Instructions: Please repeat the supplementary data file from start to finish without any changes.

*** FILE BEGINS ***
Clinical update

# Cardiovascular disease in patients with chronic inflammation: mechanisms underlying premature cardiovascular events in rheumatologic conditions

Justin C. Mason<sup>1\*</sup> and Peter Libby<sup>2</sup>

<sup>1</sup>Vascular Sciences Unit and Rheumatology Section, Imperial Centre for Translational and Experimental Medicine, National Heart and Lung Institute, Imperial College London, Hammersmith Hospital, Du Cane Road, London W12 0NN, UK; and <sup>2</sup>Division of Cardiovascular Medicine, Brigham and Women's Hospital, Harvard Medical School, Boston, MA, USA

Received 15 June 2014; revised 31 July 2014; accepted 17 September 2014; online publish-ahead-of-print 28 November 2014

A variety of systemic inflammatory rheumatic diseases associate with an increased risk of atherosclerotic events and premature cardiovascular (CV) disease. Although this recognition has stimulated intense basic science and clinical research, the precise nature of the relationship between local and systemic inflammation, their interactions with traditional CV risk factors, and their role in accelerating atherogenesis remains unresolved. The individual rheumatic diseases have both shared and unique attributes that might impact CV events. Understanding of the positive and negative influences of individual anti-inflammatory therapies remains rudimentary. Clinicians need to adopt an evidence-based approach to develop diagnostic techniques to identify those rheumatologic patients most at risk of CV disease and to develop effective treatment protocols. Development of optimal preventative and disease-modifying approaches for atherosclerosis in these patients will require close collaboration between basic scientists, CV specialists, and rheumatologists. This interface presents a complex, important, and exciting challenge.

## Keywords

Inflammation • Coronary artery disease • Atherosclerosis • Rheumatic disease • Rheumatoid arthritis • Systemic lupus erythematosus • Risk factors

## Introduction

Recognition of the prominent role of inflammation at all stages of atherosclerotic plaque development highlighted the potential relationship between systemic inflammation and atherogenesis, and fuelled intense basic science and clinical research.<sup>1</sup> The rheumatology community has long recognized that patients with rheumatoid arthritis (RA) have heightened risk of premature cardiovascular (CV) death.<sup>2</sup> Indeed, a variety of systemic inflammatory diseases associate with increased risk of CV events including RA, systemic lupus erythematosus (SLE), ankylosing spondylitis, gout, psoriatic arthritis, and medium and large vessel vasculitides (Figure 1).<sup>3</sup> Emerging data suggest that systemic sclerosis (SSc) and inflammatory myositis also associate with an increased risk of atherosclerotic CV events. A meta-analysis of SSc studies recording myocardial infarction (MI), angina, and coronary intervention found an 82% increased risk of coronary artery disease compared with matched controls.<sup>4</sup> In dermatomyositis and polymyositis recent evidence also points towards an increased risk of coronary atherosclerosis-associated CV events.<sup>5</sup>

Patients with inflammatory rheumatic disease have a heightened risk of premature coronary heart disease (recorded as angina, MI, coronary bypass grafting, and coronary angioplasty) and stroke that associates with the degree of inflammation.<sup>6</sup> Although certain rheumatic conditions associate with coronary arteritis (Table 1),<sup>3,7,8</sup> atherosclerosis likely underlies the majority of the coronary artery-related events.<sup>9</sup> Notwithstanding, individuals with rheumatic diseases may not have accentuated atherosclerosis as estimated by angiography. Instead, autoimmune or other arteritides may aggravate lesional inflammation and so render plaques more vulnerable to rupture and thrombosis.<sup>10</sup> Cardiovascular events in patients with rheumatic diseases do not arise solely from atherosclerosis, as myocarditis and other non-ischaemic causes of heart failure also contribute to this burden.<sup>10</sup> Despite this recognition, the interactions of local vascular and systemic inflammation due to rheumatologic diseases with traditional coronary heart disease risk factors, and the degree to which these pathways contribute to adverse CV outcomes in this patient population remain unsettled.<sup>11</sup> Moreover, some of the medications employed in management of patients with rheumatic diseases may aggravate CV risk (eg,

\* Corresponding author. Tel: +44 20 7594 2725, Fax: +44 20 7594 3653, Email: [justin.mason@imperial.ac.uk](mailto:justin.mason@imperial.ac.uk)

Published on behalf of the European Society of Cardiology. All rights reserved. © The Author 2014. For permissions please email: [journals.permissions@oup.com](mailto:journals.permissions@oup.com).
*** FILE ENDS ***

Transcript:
Clinical update

# Cardiovascular disease in patients with chronic inflammation: mechanisms underlying premature cardiovascular events in rheumatologic conditions

Justin C. Mason<sup>1\*</sup> and Peter Libby<sup>2</sup>

<sup>1</sup>Vascular Sciences Unit and Rheumatology Section, Imperial Centre for Translational and Experimental Medicine, National Heart and Lung Institute, Imperial College London, Hammersmith Hospital, Du Cane Road, London W12 0NN, UK; and <sup>2</sup>Division of Cardiovascular Medicine, Brigham and Women's Hospital, Harvard Medical School, Boston, MA, USA

Received 15 June 2014; revised 31 July 2014; accepted 17 September 2014; online publish-ahead-of-print 28 November 2014

A variety of systemic inflammatory rheumatic diseases associate with an increased risk of atherosclerotic events and premature cardiovascular (CV) disease. Although this recognition has stimulated intense basic science and clinical research, the precise nature of the relationship between local and systemic inflammation, their interactions with traditional CV risk factors, and their role in accelerating atherogenesis remains unresolved. The individual rheumatic diseases have both shared and unique attributes that might impact CV events. Understanding of the positive and negative influences of individual anti-inflammatory therapies remains rudimentary. Clinicians need to adopt an evidence-based approach to develop diagnostic techniques to identify those rheumatologic patients most at risk of CV disease and to develop effective treatment protocols. Development of optimal preventative and disease-modifying approaches for atherosclerosis in these patients will require close collaboration between basic scientists, CV specialists, and rheumatologists. This interface presents a complex, important, and exciting challenge.

## Keywords

Inflammation • Coronary artery disease • Atherosclerosis • Rheumatic disease • Rheumatoid arthritis • Systemic lupus erythematosus • Risk factors

## Introduction

Recognition of the prominent role of inflammation at all stages of atherosclerotic plaque development highlighted the potential relationship between systemic inflammation and atherogenesis, and fuelled intense basic science and clinical research.<sup>1</sup> The rheumatology community has long recognized that patients with rheumatoid arthritis (RA) have heightened risk of premature cardiovascular (CV) death.<sup>2</sup> Indeed, a variety of systemic inflammatory diseases associate with increased risk of CV events including RA, systemic lupus erythematosus (SLE), ankylosing spondylitis, gout, psoriatic arthritis, and medium and large vessel vasculitides (Figure 1).<sup>3</sup> Emerging data suggest that systemic sclerosis (SSc) and inflammatory myositis also associate with an increased risk of atherosclerotic CV events. A meta-analysis of SSc studies recording myocardial infarction (MI), angina, and coronary intervention found an 82% increased risk of coronary artery disease compared with matched controls.<sup>4</sup> In dermatomyositis and polymyositis recent evidence also points towards an increased risk of coronary atherosclerosis-associated CV events.<sup>5</sup>

Patients with inflammatory rheumatic disease have a heightened risk of premature coronary heart disease (recorded as angina, MI, coronary bypass grafting, and coronary angioplasty) and stroke that associates with the degree of inflammation.<sup>6</sup> Although certain rheumatic conditions associate with coronary arteritis (Table 1),<sup>3,7,8</sup> atherosclerosis likely underlies the majority of the coronary artery-related events.<sup>9</sup> Notwithstanding, individuals with rheumatic diseases may not have accentuated atherosclerosis as estimated by angiography. Instead, autoimmune or other arteritides may aggravate lesional inflammation and so render plaques more vulnerable to rupture and thrombosis.<sup>10</sup> Cardiovascular events in patients with rheumatic diseases do not arise solely from atherosclerosis, as myocarditis and other non-ischaemic causes of heart failure also contribute to this burden.<sup>10</sup> Despite this recognition, the interactions of local vascular and systemic inflammation due to rheumatologic diseases with traditional coronary heart disease risk factors, and the degree to which these pathways contribute to adverse CV outcomes in this patient population remain unsettled.<sup>11</sup> Moreover, some of the medications employed in management of patients with rheumatic diseases may aggravate CV risk (eg,

\* Corresponding author. Tel: +44 20 7594 2725, Fax: +44 20 7594 3653, Email: [justin.mason@imperial.ac.uk](mailto:justin.mason@imperial.ac.uk)

Published on behalf of the European Society of Cardiology. All rights reserved. © The Author 2014. For permissions please email: [journals.permissions@oup.com](mailto:journals.permissions@oup.com).